David Amerland
Travel broadens the mind - here's how

Travel

Mark Twain wrote: “Travel is fatal to prejudice, bigotry, and narrow-mindedness, and many of our people need it sorely on these accounts. Broad, wholesome, charitable views of men and things cannot be acquired by vegetating in one little corner of the earth all one's lifetime.”

Travel broadens the mind, they say. Different languages, different cultures and different people force us outside our own self-created bubble of comfort. This, as neuroscience is now discovering, forces the brain to process new things, create new dendrites and change the way it perceives the world by altering the way it processes information.

As a matter of fact travel is one of the strategies used to enhance neuroplasticity and the American Society on Aging (ASA) recommends it as a means of maintaining brain health as we age.

Whether travelling for business or pleasure travel should always be about discovery. The connections we make as we experience the world beyond ourselves. The knowledge we acquire as we talk to people who are different from us in their experiences and their perceptions. The challenge itself, the way we process it, rewires our brain and leads to a different way of considering where we are and who we are.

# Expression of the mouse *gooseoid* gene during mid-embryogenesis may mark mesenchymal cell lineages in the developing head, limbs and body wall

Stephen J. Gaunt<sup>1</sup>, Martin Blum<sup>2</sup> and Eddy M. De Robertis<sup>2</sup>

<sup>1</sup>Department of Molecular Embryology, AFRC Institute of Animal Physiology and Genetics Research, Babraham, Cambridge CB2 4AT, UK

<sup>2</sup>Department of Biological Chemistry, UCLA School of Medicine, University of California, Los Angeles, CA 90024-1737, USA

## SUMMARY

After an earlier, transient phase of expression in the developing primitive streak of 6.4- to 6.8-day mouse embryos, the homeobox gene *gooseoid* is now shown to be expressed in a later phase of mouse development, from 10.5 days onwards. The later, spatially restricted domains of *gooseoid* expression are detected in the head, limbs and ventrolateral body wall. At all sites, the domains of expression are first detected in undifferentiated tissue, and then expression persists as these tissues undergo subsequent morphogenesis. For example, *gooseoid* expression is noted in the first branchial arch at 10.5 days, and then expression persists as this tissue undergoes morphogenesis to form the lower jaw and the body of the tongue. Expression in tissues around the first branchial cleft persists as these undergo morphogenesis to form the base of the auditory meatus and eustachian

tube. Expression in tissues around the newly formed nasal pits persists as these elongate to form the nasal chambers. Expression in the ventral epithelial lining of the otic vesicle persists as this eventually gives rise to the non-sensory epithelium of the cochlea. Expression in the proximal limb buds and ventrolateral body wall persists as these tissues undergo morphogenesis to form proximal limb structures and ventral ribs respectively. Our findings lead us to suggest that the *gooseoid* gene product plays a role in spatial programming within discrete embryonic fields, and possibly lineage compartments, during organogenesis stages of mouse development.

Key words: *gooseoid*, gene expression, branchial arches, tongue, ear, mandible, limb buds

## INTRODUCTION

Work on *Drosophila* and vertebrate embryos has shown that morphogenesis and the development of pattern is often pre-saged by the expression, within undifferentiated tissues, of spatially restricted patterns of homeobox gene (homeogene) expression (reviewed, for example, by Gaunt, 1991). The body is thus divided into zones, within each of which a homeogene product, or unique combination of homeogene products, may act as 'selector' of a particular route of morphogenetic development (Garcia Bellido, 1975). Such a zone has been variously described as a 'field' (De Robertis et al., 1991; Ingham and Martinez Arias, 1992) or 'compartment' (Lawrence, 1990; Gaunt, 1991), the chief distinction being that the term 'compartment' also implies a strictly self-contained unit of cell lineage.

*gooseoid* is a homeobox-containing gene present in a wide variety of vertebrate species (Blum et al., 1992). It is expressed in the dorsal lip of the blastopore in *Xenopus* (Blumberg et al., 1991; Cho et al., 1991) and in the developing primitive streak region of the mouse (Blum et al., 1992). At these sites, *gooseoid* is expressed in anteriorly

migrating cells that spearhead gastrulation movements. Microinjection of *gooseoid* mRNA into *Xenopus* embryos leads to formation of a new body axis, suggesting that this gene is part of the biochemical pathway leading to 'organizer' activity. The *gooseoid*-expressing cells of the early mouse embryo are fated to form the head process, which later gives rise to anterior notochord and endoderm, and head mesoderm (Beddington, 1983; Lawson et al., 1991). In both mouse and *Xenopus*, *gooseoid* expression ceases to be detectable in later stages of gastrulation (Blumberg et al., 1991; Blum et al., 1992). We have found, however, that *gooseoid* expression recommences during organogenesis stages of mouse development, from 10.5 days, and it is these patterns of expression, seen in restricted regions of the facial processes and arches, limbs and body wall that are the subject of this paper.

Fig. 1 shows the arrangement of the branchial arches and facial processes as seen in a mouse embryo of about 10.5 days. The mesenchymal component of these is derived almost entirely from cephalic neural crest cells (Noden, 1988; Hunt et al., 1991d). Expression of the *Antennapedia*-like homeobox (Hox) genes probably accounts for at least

A sense of place and identity is key to creating a sense of purpose. Purpose gives meaning to actions.

Travel then, inevitably, exerts pressures on us which we are forced to adapt to. The adaptations themselves have a transformational effect. In that context, perversely, hotels are bubbles we access to try and insulate ourselves from the adaptive pressures applied on us by a local culture.

Choose the right hotel and you may as well have never left home. Add the right level of service (and cost) and all the external pressure that leads to adaptations disappears. This begs the interesting question which is why bother to even travel then, but, instead: Why go to such lengths to avoid personal change?

This leads us into deeper waters where who we are and why we are becomes entangled with who we want to be and why. These are deep, existential questions. They challenge our sense of self and our sense of belonging. Travel, in particular and the world, generally have; of course, always done that.

Because of the time we live in everything is magnified. The increased levels of uncertainty we experience and the wealth of information we have at our fingertips are making everything less certain, not more so. Context changes data. Data gives rise to culture. Nothing is easy any more.

Where does that leave us?

In this: here. The trust we generate through our actions and the relationships we build as a result of it all are the buffer provided by our connections.

Travel is an amazing way to challenge ourselves and grow but only if we first have created a level of security in who we are. Only if we have found our community.

So, the real challenge lies elsewhere. The answers we seek are always inside us. The world is only as scary as our assumptions and prejudices make it. It is what we make it.

You’re caffeinated (because that is the only way to be). And have a little, tiny bit of sugar at hand in the form of maybe your weekly allowance of donuts or cookies, croissants and chocolate cake. Make the coffee intake more and the sugar intake as little as possible and you’ve got a winner. Have an awesome Sunday, wherever you are.

Sunday Read RSS Feed 

© 2019 David Amerland. All rights reserved